Like many North Carolinians, Alfred Moore Waddell, editor of the Wilmington Daily Herald, was pro-Union before open hostilities commenced in 1861. He supported John Bell of Tennessee and Edward Everett of Massachusetts for the presidential ticket in 1860, but patriotically supported North Carolina’s defense and self-determination after secession on May 20th. The following is drawn from www.cfhi.net, “Alfred Moore Waddell, Enlightened Wilmingtonian.”
Bernhard Thuersam, www.Circa1865.com
Witnessing the Bombardment of Fort Sumter
“On the evening of April 10, 1861, the telegraph operator at the Wilmington office confidentially communicated to me at the [Wilmington Daily] Herald office a telegram that had just passed through from General Beauregard to Jefferson Davis at Richmond, saying that he would open fire on Fort Sumter at 4 a.m., if Major Anderson refused to surrender.
Thereupon I hurried to the old “Manchester Depot” opposite to the Market Street dock on the other side of the [Cape Fear] river, and caught the train for Charleston as it was passing out. I described the trip to a New York audience in 1878 in the following brief sentences:
“I shall never forget that, after a night of great anxiety, and when about twenty miles from the city, just as the first grey streaks began to lighten the eastern sky, and when the silent swamps were wakened only by the rumble of the train, there was distinctly heard a single dull, heavy report like a clap of distant thunder, and immediately following it at intervals of a minute or two, that peculiar measured throb of artillery which was then so new, but afterwards became so familiar to our ears.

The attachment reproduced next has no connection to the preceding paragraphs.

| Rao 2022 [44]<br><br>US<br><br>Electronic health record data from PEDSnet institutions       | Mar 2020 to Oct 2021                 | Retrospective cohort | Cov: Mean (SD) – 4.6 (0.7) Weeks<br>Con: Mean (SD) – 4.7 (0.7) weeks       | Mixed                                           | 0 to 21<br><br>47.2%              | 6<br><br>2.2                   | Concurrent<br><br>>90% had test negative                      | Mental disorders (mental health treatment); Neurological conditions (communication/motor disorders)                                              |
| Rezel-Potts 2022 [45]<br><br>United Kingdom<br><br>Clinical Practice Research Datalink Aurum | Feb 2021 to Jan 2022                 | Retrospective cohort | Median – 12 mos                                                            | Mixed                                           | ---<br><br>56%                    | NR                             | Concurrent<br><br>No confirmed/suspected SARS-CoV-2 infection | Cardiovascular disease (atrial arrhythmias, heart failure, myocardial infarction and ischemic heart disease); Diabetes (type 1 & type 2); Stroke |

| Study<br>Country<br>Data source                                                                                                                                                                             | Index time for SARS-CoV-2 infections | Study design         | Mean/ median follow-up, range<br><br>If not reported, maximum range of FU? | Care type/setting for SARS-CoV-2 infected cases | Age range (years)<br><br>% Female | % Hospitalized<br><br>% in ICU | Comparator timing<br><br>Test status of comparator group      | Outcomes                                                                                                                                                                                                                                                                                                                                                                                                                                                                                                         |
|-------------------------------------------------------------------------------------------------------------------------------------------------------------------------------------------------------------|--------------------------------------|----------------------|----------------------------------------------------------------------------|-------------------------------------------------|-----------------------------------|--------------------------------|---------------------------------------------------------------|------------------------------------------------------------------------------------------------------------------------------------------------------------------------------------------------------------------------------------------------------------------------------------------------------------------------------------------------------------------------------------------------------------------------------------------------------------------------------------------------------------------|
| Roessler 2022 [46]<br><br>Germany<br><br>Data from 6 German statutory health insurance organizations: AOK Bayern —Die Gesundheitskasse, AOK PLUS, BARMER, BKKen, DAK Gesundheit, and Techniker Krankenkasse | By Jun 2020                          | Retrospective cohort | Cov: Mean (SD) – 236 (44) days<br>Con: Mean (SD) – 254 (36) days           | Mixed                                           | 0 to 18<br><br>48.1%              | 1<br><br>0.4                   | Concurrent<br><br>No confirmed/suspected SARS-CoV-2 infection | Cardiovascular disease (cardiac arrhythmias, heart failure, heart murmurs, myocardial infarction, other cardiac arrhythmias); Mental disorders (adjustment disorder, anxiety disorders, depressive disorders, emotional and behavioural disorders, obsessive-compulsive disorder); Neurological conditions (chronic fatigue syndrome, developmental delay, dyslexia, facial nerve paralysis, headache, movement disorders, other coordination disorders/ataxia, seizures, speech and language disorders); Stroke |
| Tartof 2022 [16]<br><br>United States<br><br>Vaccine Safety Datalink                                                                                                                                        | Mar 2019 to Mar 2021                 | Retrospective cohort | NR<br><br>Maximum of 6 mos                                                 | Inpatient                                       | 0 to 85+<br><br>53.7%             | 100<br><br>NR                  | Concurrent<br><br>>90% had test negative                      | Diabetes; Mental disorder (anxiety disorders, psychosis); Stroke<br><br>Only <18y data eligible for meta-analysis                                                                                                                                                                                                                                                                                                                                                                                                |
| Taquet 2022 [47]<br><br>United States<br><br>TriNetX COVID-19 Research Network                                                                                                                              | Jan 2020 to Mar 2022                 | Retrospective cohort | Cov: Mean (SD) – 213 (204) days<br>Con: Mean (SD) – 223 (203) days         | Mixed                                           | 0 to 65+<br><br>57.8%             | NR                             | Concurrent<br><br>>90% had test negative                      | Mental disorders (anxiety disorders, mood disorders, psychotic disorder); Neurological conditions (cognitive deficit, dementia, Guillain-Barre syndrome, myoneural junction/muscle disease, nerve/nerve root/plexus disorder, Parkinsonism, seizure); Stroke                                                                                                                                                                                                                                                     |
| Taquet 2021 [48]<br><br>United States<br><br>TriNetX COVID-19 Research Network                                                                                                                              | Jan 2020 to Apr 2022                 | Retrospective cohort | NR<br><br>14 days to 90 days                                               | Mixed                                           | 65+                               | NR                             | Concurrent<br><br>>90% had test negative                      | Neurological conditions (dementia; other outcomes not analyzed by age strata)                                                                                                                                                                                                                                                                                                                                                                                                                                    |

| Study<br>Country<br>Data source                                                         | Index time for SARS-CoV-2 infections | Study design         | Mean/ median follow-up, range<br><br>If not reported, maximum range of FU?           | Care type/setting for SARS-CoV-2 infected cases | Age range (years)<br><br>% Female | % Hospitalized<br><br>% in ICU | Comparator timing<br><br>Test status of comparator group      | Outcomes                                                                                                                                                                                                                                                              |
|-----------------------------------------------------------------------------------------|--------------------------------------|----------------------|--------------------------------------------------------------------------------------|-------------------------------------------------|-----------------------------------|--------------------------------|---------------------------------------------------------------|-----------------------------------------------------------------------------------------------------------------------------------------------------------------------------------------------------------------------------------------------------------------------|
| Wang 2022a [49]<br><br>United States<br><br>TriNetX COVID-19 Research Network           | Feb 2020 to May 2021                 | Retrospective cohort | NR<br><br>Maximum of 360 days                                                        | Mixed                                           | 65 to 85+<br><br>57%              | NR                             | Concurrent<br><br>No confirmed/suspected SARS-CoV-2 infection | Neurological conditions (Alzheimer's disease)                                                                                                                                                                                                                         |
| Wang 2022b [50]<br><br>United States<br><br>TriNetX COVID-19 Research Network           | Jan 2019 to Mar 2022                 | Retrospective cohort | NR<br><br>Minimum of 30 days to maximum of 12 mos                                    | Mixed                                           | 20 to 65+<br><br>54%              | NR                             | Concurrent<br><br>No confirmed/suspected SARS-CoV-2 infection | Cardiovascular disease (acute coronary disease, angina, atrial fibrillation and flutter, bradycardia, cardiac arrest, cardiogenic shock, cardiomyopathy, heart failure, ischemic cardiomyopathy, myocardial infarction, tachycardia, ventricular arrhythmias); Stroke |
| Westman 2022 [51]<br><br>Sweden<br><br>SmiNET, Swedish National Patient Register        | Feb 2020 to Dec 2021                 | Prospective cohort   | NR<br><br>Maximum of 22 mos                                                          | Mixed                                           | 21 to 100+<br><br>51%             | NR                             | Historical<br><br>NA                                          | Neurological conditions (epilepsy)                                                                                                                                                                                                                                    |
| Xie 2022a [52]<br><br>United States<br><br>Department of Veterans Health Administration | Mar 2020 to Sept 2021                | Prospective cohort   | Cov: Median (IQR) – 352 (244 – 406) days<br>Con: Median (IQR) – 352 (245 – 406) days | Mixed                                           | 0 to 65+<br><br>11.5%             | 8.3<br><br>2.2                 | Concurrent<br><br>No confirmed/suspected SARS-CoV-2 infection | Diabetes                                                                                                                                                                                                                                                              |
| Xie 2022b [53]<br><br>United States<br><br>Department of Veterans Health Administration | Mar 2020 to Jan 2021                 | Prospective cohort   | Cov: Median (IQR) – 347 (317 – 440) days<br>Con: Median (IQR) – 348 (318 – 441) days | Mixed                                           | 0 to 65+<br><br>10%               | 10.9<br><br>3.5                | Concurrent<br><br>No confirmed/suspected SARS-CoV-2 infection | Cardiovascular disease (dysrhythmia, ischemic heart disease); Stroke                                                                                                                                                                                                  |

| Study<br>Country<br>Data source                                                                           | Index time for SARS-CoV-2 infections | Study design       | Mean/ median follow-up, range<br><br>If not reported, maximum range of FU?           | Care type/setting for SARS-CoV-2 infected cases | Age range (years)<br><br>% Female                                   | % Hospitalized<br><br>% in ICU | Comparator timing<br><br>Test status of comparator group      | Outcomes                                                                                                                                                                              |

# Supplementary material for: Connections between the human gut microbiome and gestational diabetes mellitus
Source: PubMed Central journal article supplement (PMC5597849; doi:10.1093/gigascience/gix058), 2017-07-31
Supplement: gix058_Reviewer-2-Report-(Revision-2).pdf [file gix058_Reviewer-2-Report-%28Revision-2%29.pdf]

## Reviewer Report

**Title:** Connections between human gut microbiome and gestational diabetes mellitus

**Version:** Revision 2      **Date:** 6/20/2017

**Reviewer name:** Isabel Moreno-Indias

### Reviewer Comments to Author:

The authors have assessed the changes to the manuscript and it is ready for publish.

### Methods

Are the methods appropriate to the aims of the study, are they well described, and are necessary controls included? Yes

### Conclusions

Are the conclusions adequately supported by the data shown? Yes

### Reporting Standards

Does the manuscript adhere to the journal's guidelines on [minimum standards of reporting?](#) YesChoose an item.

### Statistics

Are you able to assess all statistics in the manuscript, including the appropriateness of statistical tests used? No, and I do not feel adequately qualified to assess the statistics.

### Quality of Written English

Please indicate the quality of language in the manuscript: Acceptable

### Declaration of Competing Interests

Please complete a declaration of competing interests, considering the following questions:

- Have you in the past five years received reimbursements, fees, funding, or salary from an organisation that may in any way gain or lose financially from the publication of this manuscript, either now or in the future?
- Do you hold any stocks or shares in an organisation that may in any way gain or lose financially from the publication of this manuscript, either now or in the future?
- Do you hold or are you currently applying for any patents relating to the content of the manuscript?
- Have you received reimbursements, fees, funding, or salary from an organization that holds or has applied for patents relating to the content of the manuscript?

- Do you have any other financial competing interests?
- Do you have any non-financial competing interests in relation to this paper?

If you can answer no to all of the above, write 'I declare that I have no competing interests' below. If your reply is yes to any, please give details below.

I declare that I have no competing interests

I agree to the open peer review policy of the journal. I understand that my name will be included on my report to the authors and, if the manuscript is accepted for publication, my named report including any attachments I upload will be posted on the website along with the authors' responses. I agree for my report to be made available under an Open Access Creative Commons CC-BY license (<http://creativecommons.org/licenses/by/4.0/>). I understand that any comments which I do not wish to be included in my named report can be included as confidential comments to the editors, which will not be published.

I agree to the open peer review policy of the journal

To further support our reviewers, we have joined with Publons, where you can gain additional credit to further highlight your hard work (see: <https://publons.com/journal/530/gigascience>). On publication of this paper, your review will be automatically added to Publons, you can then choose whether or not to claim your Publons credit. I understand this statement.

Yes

The excitement on the train at once became intense, and the engineer, sympathizing with it, opened his valves, and giving free rein to the iron horse, rushed us with tremendous speed into the historic city.
Springing from the train and dashing through the silent streets we entered our hotel, ascended to the roof, and here I experienced sensations which never before or since have been mine. As I stepped into the cupola and looked out upon that splendid harbor, there in the center of its gateway to the sea, half wrapped in the morning mist, lay Sumter, and high above its parapets, fluttering in the morning breeze floated proudly and defiantly the stars and stripes.
In a moment afterwards just above it there was a sudden red flash, and a column of smoke, followed by an explosion, and opposite on James Island, a corresponding puff floated away on the breeze, and I realized with emotion indescribable that I was looking upon a civil war among my countrymen.”
(Some Memories of My Life, Alfred Moore Waddell, Edwards & Broughton Printing, 1908, pp. 53-54)